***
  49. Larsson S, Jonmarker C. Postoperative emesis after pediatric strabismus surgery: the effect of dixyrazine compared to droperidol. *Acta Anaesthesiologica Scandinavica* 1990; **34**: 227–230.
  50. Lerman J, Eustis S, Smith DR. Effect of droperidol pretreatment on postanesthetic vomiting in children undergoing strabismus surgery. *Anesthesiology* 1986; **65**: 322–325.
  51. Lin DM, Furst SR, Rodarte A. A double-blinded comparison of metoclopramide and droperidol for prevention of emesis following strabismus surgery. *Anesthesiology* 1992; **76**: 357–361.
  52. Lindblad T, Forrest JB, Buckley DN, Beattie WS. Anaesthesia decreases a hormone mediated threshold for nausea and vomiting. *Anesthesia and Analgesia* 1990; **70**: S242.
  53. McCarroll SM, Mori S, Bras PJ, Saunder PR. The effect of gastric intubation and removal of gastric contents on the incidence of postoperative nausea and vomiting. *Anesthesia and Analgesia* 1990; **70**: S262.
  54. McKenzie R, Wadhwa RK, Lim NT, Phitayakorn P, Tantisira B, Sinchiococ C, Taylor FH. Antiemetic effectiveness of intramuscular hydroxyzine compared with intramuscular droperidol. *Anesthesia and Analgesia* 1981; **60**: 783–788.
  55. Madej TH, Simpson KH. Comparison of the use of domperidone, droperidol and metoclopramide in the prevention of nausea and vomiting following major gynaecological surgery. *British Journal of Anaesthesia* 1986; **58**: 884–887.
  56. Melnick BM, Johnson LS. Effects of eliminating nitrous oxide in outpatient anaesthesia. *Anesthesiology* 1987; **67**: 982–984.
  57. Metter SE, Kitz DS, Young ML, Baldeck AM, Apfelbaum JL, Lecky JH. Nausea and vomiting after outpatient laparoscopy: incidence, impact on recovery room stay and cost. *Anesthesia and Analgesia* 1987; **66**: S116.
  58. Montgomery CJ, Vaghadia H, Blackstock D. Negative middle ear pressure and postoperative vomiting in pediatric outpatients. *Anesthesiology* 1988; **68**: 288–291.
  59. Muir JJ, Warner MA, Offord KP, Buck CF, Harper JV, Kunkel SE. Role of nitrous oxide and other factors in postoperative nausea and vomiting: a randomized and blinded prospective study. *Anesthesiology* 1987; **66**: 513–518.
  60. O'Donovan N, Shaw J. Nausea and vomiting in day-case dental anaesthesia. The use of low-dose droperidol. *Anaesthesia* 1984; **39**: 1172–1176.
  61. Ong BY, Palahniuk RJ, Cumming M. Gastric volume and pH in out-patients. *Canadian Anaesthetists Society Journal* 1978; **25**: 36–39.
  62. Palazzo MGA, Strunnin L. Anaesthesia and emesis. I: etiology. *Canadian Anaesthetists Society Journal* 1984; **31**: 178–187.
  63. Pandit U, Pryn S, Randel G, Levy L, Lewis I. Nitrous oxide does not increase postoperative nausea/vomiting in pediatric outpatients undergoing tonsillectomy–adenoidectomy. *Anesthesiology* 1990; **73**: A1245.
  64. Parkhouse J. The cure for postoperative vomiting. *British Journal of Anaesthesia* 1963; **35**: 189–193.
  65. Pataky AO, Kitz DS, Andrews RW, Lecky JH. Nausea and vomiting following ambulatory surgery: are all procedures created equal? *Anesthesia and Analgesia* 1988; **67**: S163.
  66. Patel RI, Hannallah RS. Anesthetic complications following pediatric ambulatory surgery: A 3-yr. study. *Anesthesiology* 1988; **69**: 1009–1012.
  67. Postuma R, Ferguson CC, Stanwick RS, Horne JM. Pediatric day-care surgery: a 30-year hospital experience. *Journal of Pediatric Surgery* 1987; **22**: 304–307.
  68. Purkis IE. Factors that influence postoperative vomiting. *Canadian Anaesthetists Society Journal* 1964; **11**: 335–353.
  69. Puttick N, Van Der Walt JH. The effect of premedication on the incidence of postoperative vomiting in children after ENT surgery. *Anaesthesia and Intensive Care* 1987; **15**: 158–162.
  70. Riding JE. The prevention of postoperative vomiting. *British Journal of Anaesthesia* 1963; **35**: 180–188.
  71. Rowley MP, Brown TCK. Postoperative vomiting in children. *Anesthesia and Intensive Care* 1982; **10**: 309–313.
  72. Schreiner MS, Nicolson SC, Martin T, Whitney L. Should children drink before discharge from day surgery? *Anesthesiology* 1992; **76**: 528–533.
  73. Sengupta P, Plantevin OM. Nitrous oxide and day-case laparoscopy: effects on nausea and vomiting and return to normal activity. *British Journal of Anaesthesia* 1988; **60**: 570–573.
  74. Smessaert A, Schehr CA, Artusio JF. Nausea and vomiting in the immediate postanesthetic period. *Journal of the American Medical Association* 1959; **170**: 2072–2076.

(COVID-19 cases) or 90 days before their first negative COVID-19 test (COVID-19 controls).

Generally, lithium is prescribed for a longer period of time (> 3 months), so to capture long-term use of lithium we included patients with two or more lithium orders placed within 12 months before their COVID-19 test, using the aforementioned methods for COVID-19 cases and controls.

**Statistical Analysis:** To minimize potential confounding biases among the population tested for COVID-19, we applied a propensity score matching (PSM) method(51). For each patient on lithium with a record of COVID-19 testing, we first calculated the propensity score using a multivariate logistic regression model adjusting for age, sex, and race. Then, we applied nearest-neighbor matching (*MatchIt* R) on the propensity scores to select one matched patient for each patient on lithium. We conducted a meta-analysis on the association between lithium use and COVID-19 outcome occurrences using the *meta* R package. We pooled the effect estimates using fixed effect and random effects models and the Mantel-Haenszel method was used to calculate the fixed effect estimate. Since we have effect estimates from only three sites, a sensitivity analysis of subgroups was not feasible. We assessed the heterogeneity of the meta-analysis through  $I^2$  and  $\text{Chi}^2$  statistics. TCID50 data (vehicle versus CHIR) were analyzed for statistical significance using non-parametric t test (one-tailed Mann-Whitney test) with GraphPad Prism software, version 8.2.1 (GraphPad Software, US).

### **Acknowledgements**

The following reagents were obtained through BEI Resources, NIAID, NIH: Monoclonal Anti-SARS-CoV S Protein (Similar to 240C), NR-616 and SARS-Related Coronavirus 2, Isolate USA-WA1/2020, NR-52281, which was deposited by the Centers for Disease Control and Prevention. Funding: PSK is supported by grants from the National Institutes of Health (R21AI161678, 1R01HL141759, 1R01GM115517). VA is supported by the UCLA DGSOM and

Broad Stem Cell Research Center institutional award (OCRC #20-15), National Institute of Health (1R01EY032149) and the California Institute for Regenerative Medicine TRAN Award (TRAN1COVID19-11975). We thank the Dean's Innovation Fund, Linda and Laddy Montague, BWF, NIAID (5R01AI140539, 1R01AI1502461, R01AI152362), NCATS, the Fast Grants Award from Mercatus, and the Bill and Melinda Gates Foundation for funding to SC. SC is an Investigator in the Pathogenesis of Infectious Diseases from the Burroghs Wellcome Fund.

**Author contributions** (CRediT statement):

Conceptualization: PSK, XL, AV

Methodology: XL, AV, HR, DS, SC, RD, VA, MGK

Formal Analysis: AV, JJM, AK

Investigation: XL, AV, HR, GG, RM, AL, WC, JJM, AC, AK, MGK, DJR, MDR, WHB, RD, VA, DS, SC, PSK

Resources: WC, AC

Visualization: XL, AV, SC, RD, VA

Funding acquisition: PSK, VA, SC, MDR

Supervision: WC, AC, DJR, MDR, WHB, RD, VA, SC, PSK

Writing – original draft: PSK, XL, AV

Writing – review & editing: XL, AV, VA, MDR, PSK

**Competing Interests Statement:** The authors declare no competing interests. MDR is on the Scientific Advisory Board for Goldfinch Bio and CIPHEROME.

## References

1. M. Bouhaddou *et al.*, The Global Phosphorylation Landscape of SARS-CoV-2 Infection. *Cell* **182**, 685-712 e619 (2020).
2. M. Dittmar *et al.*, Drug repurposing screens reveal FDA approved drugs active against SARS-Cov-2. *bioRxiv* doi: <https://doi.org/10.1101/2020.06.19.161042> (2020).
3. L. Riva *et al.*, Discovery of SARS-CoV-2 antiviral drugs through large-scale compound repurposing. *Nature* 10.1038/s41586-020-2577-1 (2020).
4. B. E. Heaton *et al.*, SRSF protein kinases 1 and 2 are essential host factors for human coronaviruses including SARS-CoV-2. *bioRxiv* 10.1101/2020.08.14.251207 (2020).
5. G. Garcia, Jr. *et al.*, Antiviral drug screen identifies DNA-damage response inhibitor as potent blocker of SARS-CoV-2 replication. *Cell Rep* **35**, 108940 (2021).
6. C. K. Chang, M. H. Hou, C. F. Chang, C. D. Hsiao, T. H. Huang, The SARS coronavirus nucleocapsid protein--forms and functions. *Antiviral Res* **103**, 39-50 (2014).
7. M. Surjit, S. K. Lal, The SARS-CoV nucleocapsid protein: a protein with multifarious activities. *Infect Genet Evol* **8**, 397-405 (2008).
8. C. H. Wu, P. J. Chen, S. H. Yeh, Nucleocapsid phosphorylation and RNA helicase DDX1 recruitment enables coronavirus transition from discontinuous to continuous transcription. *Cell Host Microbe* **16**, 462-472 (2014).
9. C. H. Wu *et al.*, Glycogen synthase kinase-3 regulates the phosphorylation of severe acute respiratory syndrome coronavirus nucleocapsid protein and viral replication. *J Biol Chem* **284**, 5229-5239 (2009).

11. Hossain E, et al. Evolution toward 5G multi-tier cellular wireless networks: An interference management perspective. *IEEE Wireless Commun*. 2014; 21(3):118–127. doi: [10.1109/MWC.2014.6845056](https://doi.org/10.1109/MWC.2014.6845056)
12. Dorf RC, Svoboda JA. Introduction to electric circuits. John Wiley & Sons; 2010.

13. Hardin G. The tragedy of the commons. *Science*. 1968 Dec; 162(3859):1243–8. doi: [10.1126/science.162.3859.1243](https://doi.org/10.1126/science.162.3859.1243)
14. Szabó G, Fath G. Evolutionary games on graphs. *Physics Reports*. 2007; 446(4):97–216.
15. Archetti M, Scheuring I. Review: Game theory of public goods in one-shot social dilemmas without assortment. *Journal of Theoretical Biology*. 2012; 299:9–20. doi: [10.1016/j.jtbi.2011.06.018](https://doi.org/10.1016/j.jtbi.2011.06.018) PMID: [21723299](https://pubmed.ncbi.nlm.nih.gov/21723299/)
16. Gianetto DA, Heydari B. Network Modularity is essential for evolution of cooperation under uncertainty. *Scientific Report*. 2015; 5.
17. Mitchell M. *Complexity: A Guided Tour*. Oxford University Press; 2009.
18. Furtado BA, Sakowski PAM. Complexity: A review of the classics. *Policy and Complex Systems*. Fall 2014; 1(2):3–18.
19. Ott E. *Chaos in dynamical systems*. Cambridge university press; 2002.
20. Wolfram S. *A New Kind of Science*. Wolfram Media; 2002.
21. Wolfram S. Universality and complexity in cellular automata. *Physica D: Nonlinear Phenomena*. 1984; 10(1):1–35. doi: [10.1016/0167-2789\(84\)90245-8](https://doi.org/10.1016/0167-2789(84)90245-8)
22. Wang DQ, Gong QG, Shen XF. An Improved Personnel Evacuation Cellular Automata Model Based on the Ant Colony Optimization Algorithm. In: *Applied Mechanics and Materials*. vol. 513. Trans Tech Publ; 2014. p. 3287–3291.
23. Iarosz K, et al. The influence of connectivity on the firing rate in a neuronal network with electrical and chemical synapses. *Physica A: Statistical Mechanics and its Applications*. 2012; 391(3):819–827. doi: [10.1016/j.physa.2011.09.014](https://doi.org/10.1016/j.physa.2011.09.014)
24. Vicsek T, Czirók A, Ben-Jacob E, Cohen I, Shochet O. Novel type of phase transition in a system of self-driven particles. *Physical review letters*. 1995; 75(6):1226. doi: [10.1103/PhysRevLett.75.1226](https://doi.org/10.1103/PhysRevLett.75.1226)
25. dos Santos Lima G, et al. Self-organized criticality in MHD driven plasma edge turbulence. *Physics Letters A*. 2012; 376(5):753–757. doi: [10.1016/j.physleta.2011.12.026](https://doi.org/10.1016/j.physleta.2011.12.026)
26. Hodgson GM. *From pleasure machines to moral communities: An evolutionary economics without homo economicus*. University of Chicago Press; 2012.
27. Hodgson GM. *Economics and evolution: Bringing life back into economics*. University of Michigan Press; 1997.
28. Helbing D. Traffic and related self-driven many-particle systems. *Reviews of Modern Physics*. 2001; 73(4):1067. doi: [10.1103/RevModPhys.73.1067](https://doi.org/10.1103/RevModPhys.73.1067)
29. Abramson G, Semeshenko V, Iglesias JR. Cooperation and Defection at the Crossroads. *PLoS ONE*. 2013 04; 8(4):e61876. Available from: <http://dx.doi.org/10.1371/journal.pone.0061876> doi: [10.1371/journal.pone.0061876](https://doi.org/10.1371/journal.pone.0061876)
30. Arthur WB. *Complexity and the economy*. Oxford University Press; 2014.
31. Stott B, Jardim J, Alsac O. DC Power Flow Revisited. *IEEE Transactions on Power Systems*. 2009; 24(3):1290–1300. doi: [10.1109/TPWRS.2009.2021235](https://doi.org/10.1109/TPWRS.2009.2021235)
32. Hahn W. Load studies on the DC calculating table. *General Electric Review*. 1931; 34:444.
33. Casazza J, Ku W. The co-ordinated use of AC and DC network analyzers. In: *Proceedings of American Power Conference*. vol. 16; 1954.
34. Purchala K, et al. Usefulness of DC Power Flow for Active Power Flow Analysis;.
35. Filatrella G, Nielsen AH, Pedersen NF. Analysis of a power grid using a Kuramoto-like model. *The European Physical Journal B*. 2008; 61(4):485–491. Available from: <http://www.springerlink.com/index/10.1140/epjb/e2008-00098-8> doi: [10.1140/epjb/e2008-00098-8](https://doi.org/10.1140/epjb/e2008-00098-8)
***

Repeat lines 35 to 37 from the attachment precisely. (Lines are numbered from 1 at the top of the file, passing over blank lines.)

Methodology: XL, AV, HR, DS, SC, RD, VA, MGK

Formal Analysis: AV, JJM, AK

Investigation: XL, AV, HR, GG, RM, AL, WC, JJM, AC, AK, MGK, DJR, MDR, WHB, RD, VA, DS, SC, PSK